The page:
Thanks for the compliments Lydia. I guess by "gummy layer" I am talking about layers where there is little to no separation. This typically happens in the middle of my pies. The way the laminated crust seems to form in the oven (yes I continuously watch all my pies cook!) is from the rim of the pie towards the center. The whole thing will puff up a bit, then at about 1/2 cooking time the rim gets larger bubbles which are more isolated, then they move towards the center - but only a little bit. I feel the missing link I still don't have right is the oven. I am using a convection bluestar oven @ 550 ish, but there isn't a lot of top heat to really singe the top. I think this top heat is required to get the center of the pies to bubble up more. John your thoughts on this? You can also tell the top heat is lacking in my pies due to the lack of singe on the toppings. It's minimal at best. Use the broiler you say, well the broiler on this model oven is the worst piece of crap I have ever used. I am contemplating getting a dual element PX-16 or similar but I am concerned about bubbles filling up the oven and burning on the top element. I know the Chinese Sage models of this style have a small window in them, but I don't think they put out the same amount of heat as the baker's pride models. Another possibility is I don't have a thick enough pizza stone to transfer the right amount of heat. I am using a 1/2 stone, nothing special.
The shot of the interior is after the slice has had a few bites taken on it. So what you are looking at is the last third of the slice. I was trying to get the interior up close so the moistness could be seen. Again comparing to the interior pics of the RT slices I posted years ago, it's far from it. I think the next step is to take the lower hydrations ~42% or lower and play with some conditioners to make them more slack. This way you get the bubbling effect of the low hydration but the workability of a higher hydration dough. When I did the 40% low hydration dough I had to move it through the sheeter so many times that it developed too much. It's a delicate balancing act with the sheeter because you can really "knead" the dough a lot with successive passes easily.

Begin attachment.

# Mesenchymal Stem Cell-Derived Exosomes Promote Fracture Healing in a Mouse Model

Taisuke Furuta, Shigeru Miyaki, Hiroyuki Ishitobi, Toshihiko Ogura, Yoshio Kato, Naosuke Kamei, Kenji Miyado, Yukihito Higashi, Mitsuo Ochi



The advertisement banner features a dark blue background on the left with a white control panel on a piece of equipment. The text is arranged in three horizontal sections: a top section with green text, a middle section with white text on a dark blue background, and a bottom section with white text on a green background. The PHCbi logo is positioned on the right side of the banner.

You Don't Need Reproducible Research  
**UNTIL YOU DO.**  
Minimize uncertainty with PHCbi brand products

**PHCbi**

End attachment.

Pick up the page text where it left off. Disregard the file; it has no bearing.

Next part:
Here is a conversation I shared with Peter and Tom Lehmann yesterday. Although it isn't exactly the type of crust you or I are after, the techniques and reasoning are very important:http://www.pizzamaking.com/forum/index.php/topic,17956.0.html
While I had asked Peter for any info he could give me regarding low hydrations and cracker doughs and was waiting for a response, I tried increasing my hydration from 36 to 40%, and then cut way back on the mixing to about 4 minutes. I was pulling pieces of dough out of the mixer bowl and throwing in my bucket for fermenting. I let the dough rise at room temp for about 45 minutes, it almost doubled, but was no way near soft and spongy...it was simply very workable. Very easy to sheet and laminate. Made excellent skins.
As for your skins..if I remember right, you laminate but only get your dough to about three eighths inch thick...in my opinion, that is about 3 times to thick and could be the cause of your gummy layer problem. Also, I'm sorry I don't have time to follow everything, but are you sheeting cold dough the day after mixing? If so, why not take a note from Lehmanns recipe above, take it out and let it warm up and then sheet it. I've tried the method of sheeting dough the day after mixing, and found it very taxing on my sheeter and I have a big Rondo.
I bake my pizzas most generally at about 550 degrees right on the deck. To get the skins I love, there has to be a huge transfer of heat, from bottom crust to top....good ones take no more than 5 minutes to bake. In my home oven, I bake on the highest rack, so that the top of the oven radiates all that heat for the top of the pizza..it works for me.
Since your are mixing your dough by hand, it seems Lehmann's method will be right up your alley. but honestly Dan, I think a thinner skin might be what you want....and with a sheeter, you should be able to take a laminated sheet, and cut 3 or 4 different skins at differing thicknesses to test if this is true.